First published illustration of an African Goliath Beetle. From Illustrations of Natural History (1770-82), by Dru Drury.

Today, that diversity is sorely threatened. More than 40% of the evaluated amphibian species, 30% of the evaluated invertebrate species, 21% of evaluated fish and reptile species, 26% of known mammal species, and 68% of the evaluated plant species are threatened with extinction. “It is key to identify species at risk so we can take action accordingly,” emphasized Dr. Rafe Brown, curator in charge of Herpetology at the University of Kansas, in a 2014 National Geographic article.

The inherent problem, however, is that we can’t know what species to protect until we know what species there are. We cannot predict how biodiversity loss will affect an ecosystem until we identify all the players in that ecosystem, their roles, and relationships. We must start by illuminating the unknown.

Butterflies from De uitlandsche kapellen voorkomende in de drie waereld-deelen, Asia, Africa en America (1779-82), by Cramer, Pieter. This is the first treatise on Lepidoptera to use the then-newly developed binomial classification system by Linnaeus. This work contains hundreds of "original descriptions" and many new-to-science Lepidoptera species.

A complete catalog of species can help scientists determine if conservation initiatives are focusing on and prioritizing the right environments and species or if efforts should be directed elsewhere. “We know we're losing biodiversity at a rate that is 1,000 times faster than we should be, and if we're going to stop that hemorrhaging of species, we have to know what the species are and most important, where they are. This is a vital first step in making decisions about where to act," explains Dr. Stuart Pimm, a conservation biologist at Duke University, in a 2012 Seeker article.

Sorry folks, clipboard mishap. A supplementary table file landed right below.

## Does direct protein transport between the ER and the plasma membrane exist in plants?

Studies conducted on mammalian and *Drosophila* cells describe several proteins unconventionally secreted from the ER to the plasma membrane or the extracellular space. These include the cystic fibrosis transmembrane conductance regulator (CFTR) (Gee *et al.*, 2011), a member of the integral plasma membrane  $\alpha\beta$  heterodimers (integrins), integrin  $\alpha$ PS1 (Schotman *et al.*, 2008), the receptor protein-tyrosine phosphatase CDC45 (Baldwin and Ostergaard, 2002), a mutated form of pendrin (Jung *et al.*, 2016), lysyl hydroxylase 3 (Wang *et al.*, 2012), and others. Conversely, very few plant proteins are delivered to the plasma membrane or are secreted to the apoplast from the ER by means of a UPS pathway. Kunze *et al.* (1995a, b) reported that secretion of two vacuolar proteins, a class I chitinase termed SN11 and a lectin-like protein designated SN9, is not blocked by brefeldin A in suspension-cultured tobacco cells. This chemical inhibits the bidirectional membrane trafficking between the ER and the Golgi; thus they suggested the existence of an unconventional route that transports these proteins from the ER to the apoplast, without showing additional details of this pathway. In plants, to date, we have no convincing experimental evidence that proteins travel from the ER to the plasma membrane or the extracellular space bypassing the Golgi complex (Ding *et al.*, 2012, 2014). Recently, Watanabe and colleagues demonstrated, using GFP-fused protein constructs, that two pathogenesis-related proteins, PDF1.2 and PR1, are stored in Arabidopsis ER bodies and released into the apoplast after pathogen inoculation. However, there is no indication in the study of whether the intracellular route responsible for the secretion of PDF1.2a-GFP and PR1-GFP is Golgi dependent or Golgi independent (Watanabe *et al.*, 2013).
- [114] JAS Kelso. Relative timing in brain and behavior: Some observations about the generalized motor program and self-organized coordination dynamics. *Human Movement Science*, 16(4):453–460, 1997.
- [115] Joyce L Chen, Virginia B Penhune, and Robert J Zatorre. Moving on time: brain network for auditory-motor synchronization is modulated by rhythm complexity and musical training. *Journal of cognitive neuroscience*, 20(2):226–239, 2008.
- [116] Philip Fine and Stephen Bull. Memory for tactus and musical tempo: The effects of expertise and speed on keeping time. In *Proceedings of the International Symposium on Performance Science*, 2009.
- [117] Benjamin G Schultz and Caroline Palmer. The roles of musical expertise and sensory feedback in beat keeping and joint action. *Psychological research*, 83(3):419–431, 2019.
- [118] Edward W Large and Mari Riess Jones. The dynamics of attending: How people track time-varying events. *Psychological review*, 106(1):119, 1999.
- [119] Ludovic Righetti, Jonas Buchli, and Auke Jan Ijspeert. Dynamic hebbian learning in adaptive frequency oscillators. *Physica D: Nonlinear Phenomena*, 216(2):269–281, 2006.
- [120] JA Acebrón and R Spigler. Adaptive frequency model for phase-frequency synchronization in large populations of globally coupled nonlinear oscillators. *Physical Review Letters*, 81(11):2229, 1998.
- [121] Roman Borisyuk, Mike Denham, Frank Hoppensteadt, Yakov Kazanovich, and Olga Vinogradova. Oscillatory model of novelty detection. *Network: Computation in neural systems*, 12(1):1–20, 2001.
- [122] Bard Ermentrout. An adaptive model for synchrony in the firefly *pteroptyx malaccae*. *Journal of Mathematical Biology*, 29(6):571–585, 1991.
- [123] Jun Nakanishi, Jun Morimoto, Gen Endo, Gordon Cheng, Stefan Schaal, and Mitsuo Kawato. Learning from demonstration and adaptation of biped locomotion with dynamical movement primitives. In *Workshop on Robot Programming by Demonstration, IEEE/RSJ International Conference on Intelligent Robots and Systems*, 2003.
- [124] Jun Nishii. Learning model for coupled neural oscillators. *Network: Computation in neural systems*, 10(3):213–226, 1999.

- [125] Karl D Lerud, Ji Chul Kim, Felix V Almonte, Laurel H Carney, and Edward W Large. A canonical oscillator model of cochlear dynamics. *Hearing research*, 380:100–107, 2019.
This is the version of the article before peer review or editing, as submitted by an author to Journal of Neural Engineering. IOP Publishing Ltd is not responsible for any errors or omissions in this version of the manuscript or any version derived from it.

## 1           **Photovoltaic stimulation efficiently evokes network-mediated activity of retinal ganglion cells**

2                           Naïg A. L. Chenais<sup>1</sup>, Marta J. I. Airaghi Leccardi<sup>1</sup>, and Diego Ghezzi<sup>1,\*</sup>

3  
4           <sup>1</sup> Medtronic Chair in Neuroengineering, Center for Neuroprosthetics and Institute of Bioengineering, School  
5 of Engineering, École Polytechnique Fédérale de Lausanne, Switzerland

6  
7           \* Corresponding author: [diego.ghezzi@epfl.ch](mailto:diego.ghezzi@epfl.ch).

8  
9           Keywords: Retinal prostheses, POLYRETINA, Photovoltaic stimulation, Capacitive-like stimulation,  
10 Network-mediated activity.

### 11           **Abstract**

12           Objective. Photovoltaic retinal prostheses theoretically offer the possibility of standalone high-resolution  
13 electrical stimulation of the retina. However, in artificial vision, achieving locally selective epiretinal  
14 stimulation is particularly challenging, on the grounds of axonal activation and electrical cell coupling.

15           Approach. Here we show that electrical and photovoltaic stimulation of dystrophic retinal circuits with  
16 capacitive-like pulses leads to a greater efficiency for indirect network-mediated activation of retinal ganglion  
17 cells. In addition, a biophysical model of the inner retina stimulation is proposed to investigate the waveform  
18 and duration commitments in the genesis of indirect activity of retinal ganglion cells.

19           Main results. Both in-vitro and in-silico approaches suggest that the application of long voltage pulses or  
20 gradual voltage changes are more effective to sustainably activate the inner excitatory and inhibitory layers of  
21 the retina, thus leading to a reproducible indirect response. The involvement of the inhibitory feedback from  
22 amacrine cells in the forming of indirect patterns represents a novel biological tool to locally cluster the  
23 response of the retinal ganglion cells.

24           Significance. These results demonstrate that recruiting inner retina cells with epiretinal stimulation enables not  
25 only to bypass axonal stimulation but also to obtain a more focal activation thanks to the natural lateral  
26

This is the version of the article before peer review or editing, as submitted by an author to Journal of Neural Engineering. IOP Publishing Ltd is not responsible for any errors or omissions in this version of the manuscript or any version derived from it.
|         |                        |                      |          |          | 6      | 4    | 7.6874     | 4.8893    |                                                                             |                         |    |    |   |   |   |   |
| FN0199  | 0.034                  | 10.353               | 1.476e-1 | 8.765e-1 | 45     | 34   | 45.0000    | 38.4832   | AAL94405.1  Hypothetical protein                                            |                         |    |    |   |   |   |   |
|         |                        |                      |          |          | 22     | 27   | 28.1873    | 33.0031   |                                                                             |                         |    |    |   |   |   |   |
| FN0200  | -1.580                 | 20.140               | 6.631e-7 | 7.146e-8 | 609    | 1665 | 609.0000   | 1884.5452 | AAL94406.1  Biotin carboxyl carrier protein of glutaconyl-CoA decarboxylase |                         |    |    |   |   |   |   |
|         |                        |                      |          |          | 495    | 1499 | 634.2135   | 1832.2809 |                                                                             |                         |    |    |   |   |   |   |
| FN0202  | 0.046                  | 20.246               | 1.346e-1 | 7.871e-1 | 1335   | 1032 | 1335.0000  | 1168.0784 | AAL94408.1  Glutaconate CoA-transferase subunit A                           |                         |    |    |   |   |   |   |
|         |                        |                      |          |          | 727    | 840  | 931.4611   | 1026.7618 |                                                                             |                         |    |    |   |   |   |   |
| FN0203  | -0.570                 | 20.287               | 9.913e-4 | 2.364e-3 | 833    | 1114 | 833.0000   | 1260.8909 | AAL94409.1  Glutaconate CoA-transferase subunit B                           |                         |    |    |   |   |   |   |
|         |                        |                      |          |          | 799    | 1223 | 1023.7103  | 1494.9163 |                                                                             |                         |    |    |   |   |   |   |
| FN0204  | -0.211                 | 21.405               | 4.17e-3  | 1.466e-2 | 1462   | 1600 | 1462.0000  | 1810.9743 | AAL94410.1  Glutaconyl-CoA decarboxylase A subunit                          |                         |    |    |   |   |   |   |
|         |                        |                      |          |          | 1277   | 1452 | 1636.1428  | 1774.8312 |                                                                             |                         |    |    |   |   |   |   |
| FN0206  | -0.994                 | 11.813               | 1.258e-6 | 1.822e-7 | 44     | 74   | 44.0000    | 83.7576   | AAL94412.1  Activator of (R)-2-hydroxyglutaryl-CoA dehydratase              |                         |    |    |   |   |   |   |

You can help!

Effective conservation and appropriate responses to environmental changes relies on a complete biodiversity picture. Obtaining a comprehensive species catalog hinges on the work of taxonomists, who in turn are dependent on the knowledge held within the pages of historic taxonomic literature. 

We rely on donations from users like you to help grow our library and keep it free and open. As you think about your holiday giving, we hope you’ll consider making a tax-deductible donation to help save biodiversity.

Stay tuned for more posts detailing the critical roles BHL and historic literature play in understanding past extinctions and saving earth’s biodiversity.

Grace Costantino
Outreach and Communication Manager
Biodiversity Heritage Library

Tuesday, December 16, 2014

Latino Natural History: Recognizing the contributions of Latino naturalists